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How to Clean Antique Wood Furniture

Cleaning your antique wood furniture properly is essential. It can mean a difference between causing irreparable damage that decreases its value or elevating it into something truly special. Cleaning it correctly can bring out and accentuate decorative wood embellishments or reveal a majestic wood grain beneath. If it’s a cherished family heirloom, taking care of it and treating it with respect is probably your number one concern. So how do you go about cleaning antique wood furniture?

Glad you asked! In this guide, Van Dyke’s Restorers breaks down exactly how to clean antique wood furniture, from the supplies you will need to step-by-step procedures. 

Ready to elevate your antique furniture into a showcase-worthy piece and make it the centerpiece of a room? Let’s get started.

Determine the Wood Finish First

The initial step to learning how to clean antique wood furniture is to determine the wood finish. Only when you know the wood finish can you begin the process of cleaning away dirt, grime and mildew that has accumulated over the years. 

Luckily, determining the wood finish is relatively easy to do and all it takes is a quick test. However, make sure to perform the test on an inconspicuous area of the furniture. This way, if something goes unexpectedly wrong — which it shouldn’t, but just in case — it will never be noticed. Some good areas to test on would be inside a drawer or along the bottom of a piece. You could also perform a test on the back where it rests against a wall. 

So, to start the process of cleaning your antique wood furniture piece, you will first need to gather some supplies to test and determine the wood finish.

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Wood Finish Testing Supplies

Denatured Alcohol: Choose denatured alcohol such as methylated spirits or a wood spirit. Denatured alcohol is basically ethanol with a few extra ingredients that make it a more aggressive substance. In other words, denatured alcohol is an excellent solvent for cleaning. However, it can be toxic. Be mindful when using this substance and test your antique furniture in a well-ventilated area. 

Protective Gloves: Since denatured alcohol is toxic and can be absorbed through the skin, you should avoid touching the solvent directly. Protect your hands with a pair of gloves and wash your hands thoroughly directly after using them. 

Cotton Swabs: Grab a cotton swab or two from your bathroom. However, make sure the cotton swab is made of 100 percent cotton. Why does this matter? It prevents other agents and artificial fibers from sticking to the wood.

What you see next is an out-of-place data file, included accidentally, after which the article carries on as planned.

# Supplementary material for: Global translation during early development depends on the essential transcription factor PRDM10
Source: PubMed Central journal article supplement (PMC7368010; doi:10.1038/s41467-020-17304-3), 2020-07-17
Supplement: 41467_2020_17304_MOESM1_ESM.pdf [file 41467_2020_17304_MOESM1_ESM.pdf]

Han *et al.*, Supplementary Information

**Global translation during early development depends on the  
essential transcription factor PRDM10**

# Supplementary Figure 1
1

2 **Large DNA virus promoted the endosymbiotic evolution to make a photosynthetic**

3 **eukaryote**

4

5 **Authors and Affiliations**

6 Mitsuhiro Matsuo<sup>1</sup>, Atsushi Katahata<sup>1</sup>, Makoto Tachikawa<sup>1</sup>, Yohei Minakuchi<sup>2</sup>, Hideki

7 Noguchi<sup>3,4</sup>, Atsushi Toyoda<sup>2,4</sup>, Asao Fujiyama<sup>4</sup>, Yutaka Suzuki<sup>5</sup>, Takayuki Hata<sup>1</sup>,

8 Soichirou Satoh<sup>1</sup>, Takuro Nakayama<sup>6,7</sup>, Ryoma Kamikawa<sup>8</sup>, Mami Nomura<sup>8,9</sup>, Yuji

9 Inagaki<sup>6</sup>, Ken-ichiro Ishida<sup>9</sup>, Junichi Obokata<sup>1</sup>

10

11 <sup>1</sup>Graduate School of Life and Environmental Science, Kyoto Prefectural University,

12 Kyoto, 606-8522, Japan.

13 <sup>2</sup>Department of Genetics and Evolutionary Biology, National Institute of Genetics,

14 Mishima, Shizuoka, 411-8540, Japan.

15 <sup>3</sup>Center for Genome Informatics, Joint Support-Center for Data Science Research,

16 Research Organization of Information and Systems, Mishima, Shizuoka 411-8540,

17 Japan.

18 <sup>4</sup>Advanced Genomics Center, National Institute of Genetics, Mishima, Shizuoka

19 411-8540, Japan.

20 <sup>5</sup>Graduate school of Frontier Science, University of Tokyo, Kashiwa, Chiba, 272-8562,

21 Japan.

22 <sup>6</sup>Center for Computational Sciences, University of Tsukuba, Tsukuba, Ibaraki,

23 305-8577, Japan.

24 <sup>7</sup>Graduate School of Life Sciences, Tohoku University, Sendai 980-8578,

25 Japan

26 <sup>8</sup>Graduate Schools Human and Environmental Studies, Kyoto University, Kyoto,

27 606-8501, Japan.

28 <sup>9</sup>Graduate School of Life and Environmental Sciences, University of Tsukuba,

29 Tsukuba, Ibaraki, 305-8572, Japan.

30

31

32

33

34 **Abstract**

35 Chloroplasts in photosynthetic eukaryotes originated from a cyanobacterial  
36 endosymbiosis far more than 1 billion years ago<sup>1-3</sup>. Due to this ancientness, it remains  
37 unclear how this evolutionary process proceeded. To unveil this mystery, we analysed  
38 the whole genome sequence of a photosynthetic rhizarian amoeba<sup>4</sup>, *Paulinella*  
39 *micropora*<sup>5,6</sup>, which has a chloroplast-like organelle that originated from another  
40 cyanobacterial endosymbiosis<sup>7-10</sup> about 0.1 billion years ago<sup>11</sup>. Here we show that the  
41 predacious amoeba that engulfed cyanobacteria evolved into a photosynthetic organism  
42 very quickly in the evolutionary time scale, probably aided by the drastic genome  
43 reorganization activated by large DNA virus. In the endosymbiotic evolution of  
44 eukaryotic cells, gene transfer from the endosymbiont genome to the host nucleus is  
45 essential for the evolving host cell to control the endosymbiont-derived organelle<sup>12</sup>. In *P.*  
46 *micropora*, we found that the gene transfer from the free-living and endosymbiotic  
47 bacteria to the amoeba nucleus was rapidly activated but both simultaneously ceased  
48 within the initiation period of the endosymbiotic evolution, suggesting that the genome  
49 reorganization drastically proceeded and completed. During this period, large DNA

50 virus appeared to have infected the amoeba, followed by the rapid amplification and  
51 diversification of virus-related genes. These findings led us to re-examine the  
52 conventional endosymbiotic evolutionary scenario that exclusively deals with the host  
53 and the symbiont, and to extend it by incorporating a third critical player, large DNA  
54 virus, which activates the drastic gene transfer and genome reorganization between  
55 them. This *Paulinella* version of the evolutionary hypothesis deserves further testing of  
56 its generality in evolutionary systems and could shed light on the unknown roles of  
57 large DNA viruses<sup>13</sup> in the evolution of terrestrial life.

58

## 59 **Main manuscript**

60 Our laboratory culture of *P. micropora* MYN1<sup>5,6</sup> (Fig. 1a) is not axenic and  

Wood Finish Testing Instructions

With your gathered supplies, it’s time to test the wood finish of your antique furniture. Here are the basic steps:

Step One: Wearing the gloves, pour a minimal amount of denatured alcohol into a metal bowl or disposable cup. It only takes an ounce at most. Now, dip the cotton swab into the denatured alcohol, letting the fibers soak in the liquid a bit.

Step Two: Rub the cotton swab over a small area of the antique furniture piece. Remember to choose an area that is rarely seen, such as the back or bottom.  

Step Three: Notice how the wood reacts to the denatured alcohol. Does the wood finish dissolve or does it remain the same and unchanged? What happens here can reveal a lot about your next cleaning steps. 

wooden drawers

What Do the Test Results Indicate?

Dissolve or not dissolve: what does it mean? Let’s break it down. 

When the Finish Dissolves: Basically, this means that the wood has a shellac finish. The bad news is that it typically means that your antique wood furniture piece will be more challenging to clean. It will need much more than a deep clean. It will require a complete refinishing. 

When the Finish Stays the Same: If the finish stays the same after dabbing it with the denatured alcohol — good news! When the finish does not dissolve and remains unharmed, it indicates that it is either a lacquer, polyurethane, varnish or oil finish. This means you can most likely clean your antique wood furniture piece yourself. 

Okay, so did the finish remain the same? Then read on for how to clean antique wood furniture. 

How to Clean Antique Wood Furniture: Step by Step

Now that you know your antique wood furniture is entirely cleanable, here is a list of supplies you will need, along with a step-by-step breakdown. However, if your furniture has areas with more mildew, separate cleaning instructions are listed below specifically for that. 

Ready to clean your antique wood furniture? Here’s what you need and how to go about it. To begin, be sure to remove any knobs and pulls that might be in your way. (Hint: If they are looking a little worse for the wear, feel free to replace those, too.)

Cleaning Supplies you will need

Cleaning Supplies

Oil Soap: Unlike a typical household soap, oil soap will both clean and moisturize the existing wood finish. Pick up a bottle of something reliable like Murphy's oil soap. 

Cotton Cloths: You will need at least two clean cotton cloths. However, while you will need at least one for cleaning and one for drying, it’s wise to grab yourself a few extra for both if the furniture piece is quite large. 

Small Mixing Bowl: For containing your solution as you clean the piece.

Measuring Cup: To measure correctly and precisely.

Fork or Whisk: This is to mix the water and oil soap to create your cleaning solution.

Rubber Gloves: Wash and reuse the same gloves you used to test the finish. After cleaning the piece with oil soap, you’ll be glad you wore them.

woman restoring furniture

Cleaning the Antique Wood Furniture 

Step One: Create the cleaning solution. Put on the gloves while you handle the oil soap and for cleaning hereafter. Mix one ounce of oil soap with six ounces of water, stirring with a fork or whisking to create the solution.